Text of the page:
Ken Hilton climbs “Question Crack Center,” 5.11b, in Tensleep Canyon. (Matt Enlow)

Tensleep Canyon, a breathtaking landscape of cliffs and sky near the base of the Bighorn Mountains, was once a little-known diamond in the rough. 

Long distances from major population centers kept it quiet for decades even as an impressive inventory of feature-rich limestone and dolomite cliffs drew a dedicated cadre of in-the-know sport climbers. 

Then word got out. And as climbing’s global profile exploded in the last two decades, so too did the canyon’s popularity, threatening it with the now familiar fate of so many Western recreation destinations — being loved to death. Parking lots became overcrowded, user-created trails proliferated, erosion began to degrade areas at the base of cliffs and human waste became an issue as dispersed camping mushroomed. 

The discovery of heavily manufactured climbing routes — a widely condemned practice in which the rock is manipulated with tools or glue — fueled a battle over ethical development. Before long the controversy boiled over with online fulminations and a nighttime raid by climbers manually chopping bolts from rock faces.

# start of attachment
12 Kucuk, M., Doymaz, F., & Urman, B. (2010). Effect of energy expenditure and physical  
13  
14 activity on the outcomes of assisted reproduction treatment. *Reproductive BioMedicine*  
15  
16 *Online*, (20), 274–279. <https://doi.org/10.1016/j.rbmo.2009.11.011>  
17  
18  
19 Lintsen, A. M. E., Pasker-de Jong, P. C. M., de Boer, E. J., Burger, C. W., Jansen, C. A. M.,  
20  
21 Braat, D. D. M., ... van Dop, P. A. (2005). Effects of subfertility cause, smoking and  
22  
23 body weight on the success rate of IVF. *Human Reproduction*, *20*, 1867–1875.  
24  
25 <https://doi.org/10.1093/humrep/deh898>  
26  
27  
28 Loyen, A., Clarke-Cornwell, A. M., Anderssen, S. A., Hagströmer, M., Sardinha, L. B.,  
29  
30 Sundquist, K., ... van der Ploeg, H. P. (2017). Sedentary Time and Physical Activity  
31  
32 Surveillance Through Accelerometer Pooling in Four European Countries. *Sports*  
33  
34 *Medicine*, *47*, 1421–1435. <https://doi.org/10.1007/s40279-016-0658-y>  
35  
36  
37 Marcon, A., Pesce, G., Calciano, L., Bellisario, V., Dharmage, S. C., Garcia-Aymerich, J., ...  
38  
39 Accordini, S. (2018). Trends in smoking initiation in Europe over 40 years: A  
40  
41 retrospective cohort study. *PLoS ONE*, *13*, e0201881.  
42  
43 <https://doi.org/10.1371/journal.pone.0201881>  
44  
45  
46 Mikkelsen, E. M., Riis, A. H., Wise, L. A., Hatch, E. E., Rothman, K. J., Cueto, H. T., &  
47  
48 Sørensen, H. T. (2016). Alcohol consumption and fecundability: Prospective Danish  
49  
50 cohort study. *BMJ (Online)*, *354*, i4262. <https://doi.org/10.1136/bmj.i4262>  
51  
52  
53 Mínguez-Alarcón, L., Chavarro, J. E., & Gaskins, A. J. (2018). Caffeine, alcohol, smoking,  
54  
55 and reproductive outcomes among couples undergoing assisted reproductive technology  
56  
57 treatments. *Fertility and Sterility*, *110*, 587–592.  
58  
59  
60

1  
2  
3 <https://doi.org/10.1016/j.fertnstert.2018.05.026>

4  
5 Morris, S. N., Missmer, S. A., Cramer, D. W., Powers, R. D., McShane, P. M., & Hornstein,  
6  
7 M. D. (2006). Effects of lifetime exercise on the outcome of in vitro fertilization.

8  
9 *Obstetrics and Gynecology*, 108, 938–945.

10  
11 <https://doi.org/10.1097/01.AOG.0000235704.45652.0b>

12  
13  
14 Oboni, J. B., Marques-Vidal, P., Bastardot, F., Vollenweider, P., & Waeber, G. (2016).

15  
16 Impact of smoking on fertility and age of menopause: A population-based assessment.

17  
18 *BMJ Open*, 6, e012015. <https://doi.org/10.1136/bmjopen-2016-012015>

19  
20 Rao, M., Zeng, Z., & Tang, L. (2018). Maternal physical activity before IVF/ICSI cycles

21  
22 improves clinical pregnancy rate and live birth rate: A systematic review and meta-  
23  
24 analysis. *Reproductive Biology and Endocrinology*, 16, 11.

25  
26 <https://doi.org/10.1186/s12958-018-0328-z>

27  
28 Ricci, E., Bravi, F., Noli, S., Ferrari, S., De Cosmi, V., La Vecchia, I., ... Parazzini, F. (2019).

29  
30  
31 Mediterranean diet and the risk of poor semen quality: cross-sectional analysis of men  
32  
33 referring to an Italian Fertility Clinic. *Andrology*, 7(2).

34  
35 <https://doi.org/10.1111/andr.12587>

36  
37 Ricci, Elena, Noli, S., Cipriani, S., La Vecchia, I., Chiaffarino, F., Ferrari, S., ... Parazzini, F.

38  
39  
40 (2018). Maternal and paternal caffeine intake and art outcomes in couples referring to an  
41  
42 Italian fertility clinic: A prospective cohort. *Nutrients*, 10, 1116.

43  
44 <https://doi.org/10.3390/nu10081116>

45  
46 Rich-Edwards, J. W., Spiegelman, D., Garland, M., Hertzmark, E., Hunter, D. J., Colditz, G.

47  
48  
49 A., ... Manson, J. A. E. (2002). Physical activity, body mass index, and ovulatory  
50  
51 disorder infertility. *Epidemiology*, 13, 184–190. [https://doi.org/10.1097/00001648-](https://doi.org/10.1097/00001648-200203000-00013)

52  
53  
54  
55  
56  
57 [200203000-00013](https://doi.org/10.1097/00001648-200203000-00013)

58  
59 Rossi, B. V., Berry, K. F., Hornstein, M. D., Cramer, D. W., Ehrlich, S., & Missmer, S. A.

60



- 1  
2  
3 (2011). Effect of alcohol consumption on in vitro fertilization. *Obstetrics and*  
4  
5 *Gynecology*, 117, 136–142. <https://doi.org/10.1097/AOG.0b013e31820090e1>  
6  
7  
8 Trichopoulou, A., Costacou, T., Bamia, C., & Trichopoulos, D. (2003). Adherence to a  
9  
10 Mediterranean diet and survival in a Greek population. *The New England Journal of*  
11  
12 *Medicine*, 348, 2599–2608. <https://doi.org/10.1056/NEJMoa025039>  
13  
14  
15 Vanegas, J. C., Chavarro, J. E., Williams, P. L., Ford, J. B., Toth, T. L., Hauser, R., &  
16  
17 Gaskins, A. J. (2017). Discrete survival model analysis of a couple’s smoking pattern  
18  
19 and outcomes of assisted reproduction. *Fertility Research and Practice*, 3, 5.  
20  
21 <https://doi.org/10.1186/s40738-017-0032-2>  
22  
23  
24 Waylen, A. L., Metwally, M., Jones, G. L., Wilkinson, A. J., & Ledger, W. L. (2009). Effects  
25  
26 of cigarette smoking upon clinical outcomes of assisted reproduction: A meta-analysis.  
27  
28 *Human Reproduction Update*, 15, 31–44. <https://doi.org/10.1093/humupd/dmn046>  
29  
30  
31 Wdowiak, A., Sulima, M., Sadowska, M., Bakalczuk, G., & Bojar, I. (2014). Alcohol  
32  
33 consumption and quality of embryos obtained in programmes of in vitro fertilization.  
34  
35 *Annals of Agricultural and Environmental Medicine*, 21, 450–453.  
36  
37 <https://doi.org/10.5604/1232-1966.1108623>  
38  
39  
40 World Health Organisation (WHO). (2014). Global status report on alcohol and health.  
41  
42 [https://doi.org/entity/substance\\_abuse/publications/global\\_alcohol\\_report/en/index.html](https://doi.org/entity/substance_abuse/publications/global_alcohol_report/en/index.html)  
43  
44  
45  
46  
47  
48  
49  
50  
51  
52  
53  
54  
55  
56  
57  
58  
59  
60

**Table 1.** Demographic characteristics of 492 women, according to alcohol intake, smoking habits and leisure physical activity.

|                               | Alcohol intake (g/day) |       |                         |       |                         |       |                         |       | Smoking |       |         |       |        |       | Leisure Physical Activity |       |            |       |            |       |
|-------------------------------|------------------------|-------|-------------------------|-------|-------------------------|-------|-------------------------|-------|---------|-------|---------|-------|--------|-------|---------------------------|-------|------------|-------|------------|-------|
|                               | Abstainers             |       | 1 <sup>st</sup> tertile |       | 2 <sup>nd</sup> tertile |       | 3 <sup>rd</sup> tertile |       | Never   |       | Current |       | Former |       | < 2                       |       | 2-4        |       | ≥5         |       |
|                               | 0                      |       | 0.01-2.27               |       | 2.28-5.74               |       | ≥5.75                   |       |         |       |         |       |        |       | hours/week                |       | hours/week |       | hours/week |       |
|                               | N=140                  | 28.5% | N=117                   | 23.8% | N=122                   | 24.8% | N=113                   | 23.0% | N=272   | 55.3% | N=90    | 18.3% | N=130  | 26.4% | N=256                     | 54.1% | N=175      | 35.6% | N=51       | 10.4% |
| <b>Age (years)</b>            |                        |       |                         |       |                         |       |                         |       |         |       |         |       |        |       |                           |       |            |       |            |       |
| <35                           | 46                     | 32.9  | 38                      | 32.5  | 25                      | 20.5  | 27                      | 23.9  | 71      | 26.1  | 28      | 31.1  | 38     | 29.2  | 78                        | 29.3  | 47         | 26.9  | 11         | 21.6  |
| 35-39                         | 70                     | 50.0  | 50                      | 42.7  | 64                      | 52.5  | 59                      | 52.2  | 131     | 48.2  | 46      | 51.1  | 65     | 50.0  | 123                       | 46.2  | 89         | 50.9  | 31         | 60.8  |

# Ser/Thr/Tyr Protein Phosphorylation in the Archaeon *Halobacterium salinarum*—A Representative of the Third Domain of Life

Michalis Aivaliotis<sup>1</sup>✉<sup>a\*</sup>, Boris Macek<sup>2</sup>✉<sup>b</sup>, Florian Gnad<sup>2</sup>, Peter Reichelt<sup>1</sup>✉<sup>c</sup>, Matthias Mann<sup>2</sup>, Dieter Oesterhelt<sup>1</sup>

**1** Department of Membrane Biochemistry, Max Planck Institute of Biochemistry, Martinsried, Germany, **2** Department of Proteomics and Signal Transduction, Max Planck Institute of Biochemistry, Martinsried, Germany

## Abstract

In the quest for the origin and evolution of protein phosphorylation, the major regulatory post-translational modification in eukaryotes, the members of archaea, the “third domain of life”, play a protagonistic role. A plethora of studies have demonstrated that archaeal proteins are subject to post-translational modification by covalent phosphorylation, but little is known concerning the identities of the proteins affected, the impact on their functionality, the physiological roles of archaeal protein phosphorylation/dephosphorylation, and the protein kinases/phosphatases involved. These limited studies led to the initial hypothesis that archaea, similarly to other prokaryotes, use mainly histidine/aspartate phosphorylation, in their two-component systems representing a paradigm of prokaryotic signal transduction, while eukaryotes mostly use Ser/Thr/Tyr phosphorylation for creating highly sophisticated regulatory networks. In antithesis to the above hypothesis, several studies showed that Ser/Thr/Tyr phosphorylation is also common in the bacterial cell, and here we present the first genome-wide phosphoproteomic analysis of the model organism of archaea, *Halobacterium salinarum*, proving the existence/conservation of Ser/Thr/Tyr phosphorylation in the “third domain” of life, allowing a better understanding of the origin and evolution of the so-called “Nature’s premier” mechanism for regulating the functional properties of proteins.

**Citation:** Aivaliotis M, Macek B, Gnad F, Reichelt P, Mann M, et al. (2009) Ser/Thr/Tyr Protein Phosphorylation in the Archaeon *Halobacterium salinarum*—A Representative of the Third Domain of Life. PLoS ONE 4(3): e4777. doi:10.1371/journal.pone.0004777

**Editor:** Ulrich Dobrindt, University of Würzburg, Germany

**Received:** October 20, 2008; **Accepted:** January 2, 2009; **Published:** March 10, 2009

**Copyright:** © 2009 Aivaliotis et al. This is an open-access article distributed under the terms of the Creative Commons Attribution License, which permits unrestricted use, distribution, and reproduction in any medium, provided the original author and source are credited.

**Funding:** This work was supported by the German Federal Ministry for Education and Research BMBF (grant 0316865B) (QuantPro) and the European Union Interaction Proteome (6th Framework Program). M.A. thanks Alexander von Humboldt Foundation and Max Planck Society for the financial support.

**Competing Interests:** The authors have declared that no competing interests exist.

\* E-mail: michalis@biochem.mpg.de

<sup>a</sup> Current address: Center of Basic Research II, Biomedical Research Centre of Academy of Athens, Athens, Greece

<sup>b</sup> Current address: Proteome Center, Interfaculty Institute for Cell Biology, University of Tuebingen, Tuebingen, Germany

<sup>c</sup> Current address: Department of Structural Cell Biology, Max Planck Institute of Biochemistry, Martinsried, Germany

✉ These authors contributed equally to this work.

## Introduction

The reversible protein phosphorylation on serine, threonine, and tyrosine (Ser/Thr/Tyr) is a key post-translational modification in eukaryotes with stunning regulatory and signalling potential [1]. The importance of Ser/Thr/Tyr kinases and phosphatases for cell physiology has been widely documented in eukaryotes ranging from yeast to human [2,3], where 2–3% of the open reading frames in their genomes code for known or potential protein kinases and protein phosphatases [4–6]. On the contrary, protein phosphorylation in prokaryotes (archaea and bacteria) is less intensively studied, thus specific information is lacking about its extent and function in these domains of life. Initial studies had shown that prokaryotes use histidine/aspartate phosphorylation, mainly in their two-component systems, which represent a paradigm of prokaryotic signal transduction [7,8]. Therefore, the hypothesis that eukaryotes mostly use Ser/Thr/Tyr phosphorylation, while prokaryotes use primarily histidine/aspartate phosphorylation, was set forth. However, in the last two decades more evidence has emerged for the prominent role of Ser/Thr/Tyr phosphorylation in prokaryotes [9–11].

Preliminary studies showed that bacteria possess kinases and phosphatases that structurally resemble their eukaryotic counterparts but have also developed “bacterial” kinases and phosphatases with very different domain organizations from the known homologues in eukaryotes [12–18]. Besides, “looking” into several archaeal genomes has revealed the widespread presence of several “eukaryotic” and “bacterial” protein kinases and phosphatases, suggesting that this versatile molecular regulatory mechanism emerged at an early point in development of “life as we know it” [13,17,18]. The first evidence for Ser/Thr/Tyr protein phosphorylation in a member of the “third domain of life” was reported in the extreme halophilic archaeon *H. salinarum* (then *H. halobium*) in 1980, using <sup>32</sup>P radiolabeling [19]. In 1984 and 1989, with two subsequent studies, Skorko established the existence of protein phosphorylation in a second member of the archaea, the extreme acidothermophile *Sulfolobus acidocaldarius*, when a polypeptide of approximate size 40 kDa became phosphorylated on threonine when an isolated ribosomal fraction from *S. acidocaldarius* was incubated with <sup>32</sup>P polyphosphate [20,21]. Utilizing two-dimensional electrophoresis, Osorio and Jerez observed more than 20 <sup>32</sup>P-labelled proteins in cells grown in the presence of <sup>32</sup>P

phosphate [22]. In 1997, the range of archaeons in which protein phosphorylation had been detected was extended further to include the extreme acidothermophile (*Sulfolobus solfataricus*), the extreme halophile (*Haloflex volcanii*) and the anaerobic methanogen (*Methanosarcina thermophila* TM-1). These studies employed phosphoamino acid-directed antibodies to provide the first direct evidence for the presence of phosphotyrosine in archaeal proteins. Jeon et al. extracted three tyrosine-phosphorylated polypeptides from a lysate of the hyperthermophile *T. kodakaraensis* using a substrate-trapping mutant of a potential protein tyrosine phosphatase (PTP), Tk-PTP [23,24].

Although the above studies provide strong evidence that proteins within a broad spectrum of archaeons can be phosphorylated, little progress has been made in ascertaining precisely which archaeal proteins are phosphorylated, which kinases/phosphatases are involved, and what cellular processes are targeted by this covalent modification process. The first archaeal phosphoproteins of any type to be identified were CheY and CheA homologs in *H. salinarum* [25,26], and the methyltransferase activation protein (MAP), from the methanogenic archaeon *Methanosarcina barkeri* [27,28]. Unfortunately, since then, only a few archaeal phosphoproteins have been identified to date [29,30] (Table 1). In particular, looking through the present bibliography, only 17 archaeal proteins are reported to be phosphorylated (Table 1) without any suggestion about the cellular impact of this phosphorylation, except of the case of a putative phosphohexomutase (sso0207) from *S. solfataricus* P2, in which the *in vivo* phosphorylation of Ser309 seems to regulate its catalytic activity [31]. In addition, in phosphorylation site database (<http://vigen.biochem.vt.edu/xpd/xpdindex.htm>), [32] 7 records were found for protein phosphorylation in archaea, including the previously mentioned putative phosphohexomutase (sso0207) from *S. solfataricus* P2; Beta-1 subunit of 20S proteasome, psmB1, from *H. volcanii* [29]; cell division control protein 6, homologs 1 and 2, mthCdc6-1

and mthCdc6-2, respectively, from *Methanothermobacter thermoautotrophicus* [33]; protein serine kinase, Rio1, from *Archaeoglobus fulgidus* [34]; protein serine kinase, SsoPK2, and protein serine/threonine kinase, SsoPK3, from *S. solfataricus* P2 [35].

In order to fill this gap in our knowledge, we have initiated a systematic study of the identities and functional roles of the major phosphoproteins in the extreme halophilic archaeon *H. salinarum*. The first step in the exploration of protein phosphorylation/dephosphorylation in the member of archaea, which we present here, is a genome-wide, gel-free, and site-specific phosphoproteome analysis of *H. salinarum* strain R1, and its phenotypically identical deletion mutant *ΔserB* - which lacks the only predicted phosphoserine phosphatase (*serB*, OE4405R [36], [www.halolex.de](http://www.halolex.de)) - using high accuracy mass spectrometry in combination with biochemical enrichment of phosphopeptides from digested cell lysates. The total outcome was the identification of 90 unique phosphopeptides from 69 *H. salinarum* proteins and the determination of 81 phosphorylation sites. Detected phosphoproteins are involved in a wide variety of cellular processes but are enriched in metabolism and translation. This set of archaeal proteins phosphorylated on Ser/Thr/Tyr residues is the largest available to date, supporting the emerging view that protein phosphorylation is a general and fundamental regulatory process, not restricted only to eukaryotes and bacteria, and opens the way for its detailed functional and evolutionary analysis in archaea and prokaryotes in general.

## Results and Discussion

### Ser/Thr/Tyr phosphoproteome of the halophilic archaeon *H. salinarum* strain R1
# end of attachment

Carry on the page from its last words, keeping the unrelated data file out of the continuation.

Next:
These photos, which have been widely shared on Facebook, show climbing holds that have been allegedly manipulated by humans either by chipping out rock or glueing. That practice is condemned unethical in the climbing community. (Screenshot/Facebook/Ten Sleep Canyon Aerospace Society)

Into the mess stepped the U.S. Forest Service, which in July of 2019 issued what amounted to a moratorium on the establishment of any new climbing routes or trails in the entire Bighorn National Forest. 

In the two years since, the Bighorn’s Powder River Ranger District has been drafting a climbing management plan for Tensleep Canyon. It released a scoping document in February, and received nearly 500 comments by the March deadline. The agency will work through the summer to prepare the draft environmental impact assessment. 

The issues in Tensleep Canyon made it clear that the plan was overdue, Powder River District Ranger Traci Weaver said.

“Our stance was: ‘Timeout, give us time to finish our climbing management plan, give us time to move forward thoughtfully and work together with all our user groups … and come up with something that’s sustainable into the future,” she said. “What was happening in Tensleep Canyon was not sustainable.”

The plan has the potential to ripple beyond the walls of the canyon, climbing advocates say. As one of only a handful of Forest Service plans specifically focused on climbing, it could influence how the pursuit is managed on national forest land across the U.S.